My last post challenged a New York Times op-ed’s view that the media industries should give up fighting piracy. Implicit in the Times editorial’s argument is the idea that piracy has little or no impact on media sales — a view shared by many in the tech community and seeming by some journalists as well.

My colleague, Rahul Telang, and I recently finished a paper reviewing the academic research on the impact of piracy on sales. Our review finds that, when viewed as a whole, the academic literature strongly suggests that piracy harms media sales: the vast majority of academic papers — particularly those published in peer-reviewed academic journals — find evidence of harm from piracy. This conclusion is consistent with reviews of the academic literature by Stan Liebowitz in 2006 and by Felix Oberholzer-Gee and Koleman Strumpf in 2009, but includes more recent studies — and we believe these recent papers make the case of harm from piracy even stronger than what the literature suggested just a few years ago.

One recent paper in particular caught our eye. As we were finalizing our review, George Barker and Tim Maloney of the Australian National University posted a paper to SSRN contradicting the results of a prior paper by Birgitte Andersen and Marion Frenz. Andersen and Frenz used data from a 2005 Decima Research survey on piracy and purchasing habits of more than 2,000 Canadian citizens. Their original report to Industry Canada used this data to conclude that increased piracy actually helps music sales: “for every 12 downloaded songs, music purchases increase by 0.44 CDs.” While this finding was softened to a finding of “no association between” piracy and CD sales by the time the paper was published in the Journal of Evolutionary Economics, Andersen and Frenz’s work was widely touted in some circles as conclusive evidence that piracy doesn’t harm, and can in fact can help, media sales.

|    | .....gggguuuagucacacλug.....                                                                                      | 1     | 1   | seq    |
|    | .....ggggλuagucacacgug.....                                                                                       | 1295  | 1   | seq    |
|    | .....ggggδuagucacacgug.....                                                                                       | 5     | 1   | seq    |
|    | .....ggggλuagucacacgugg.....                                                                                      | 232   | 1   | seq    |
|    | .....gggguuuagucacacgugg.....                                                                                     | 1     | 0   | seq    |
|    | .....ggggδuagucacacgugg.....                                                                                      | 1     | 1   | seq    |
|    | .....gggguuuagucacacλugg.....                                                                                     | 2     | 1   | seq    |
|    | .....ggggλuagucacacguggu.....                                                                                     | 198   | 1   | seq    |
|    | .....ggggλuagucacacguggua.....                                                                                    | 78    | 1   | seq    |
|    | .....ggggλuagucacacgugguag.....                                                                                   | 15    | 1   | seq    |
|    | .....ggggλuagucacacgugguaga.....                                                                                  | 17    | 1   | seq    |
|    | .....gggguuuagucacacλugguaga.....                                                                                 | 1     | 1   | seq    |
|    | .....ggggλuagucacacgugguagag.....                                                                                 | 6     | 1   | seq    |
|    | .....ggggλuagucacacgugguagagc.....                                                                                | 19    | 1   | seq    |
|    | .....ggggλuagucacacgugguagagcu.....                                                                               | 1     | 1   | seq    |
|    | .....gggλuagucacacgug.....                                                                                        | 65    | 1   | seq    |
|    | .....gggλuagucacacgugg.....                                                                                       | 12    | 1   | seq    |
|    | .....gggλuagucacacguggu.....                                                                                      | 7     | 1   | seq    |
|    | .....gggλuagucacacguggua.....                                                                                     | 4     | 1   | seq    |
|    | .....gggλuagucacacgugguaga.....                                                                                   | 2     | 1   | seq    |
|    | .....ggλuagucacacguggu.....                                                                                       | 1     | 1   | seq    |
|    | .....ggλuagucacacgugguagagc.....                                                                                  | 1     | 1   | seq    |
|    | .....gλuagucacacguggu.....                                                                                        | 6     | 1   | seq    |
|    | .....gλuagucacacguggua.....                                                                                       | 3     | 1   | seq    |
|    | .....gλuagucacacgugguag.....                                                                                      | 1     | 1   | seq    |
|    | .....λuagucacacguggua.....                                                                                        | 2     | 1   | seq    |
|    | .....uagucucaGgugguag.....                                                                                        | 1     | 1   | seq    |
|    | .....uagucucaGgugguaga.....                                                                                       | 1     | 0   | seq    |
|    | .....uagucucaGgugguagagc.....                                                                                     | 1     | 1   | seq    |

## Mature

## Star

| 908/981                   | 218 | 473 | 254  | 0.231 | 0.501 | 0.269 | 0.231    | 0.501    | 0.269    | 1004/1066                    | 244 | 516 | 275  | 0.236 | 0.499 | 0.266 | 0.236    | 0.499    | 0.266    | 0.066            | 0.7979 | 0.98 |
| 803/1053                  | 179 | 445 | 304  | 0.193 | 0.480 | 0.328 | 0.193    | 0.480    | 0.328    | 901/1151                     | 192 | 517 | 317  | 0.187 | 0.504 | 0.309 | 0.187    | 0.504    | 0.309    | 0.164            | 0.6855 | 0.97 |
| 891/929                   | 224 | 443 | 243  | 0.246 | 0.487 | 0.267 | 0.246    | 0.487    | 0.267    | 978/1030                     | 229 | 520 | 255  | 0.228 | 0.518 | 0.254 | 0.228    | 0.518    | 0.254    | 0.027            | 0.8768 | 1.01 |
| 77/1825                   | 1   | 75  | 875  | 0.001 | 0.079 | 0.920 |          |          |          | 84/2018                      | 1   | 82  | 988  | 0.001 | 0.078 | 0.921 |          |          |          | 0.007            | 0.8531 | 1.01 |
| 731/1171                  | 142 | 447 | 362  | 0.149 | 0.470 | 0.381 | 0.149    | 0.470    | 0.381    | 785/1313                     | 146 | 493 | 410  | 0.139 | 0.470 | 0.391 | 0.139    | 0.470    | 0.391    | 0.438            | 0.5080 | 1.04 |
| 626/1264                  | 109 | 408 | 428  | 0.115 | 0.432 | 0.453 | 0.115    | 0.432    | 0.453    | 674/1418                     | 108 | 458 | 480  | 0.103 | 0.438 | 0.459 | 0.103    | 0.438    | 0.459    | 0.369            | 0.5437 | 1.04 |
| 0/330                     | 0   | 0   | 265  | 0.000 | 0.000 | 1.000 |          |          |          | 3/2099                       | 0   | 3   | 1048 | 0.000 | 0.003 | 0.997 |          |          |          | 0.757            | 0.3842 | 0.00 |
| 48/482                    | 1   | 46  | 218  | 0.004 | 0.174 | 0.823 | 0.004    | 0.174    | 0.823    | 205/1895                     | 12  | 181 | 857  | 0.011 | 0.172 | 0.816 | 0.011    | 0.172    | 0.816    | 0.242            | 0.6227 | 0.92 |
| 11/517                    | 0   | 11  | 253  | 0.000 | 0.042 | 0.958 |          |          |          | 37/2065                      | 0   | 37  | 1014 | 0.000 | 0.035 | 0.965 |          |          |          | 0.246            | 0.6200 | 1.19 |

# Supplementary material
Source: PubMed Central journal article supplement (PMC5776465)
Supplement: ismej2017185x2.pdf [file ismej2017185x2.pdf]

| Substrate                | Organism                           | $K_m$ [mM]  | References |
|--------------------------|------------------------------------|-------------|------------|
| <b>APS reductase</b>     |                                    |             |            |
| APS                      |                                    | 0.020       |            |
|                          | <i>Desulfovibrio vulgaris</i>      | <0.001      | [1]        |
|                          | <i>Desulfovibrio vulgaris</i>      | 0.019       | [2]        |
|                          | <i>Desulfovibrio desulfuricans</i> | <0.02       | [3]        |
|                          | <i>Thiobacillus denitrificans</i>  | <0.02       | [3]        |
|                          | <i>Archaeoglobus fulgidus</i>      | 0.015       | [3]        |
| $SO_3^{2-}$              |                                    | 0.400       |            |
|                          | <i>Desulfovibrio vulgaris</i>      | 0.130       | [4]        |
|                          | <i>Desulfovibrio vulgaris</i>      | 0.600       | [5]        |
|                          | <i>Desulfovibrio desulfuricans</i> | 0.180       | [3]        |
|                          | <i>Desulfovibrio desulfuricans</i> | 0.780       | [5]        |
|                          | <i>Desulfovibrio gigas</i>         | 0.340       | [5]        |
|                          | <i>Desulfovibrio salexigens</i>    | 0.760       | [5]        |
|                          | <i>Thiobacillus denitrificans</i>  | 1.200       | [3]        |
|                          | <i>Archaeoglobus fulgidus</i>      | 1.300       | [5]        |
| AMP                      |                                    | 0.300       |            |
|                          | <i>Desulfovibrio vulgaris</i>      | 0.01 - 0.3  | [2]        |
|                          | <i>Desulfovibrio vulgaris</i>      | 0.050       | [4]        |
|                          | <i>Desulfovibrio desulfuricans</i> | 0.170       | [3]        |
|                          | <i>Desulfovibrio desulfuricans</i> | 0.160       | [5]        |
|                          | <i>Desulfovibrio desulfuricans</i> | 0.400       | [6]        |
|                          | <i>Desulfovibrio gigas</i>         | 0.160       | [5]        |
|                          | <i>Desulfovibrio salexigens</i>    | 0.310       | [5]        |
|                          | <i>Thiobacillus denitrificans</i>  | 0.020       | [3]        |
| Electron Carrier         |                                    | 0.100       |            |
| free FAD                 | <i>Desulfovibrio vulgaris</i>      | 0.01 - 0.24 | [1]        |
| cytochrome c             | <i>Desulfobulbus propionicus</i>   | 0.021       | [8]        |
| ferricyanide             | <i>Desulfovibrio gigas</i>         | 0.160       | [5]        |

The Barker and Maloney paper, however, used the same data as Andersen and Frenz did, but came to the opposite conclusion: “a 10% increase in P2P downloads reduces CD demand by around 0.4%” (emphasis mine). The change in results was driven by several changes in Barker and Maloney’s empirical analysis, the most interesting of which was their decision to include a large number of respondents excluded in Andersen and Frenz’s study. Specifically, the Andersen and Frenz paper excluded all respondents who did not purchase CDs in 2005 (about 20% of the total sample) under the rationale that “these consumers may never have been active in CD purchasing” and therefore were irrelevant to an analysis of the impact of piracy on CD sales.

Barker and Maloney noted that the original survey data included questions on the number of CD sales in both 2005 and 2004, allowing the authors to partially test whether consumers who had no CD purchases in 2005 were “never active in CD purchasing.” Interestingly this test showed that about one-third of consumers who did not purchase CDs in 2005 had purchased CDs in 2004. This one small fact radically changes the likely importance of these consumers to the analysis. While consumers with no interest in CD purchases might be irrelevant to the analysis, consumers who stopped purchasing CDs between 2004 and 2005 might be exactly the sort of consumers whose purchases were most influenced by piracy.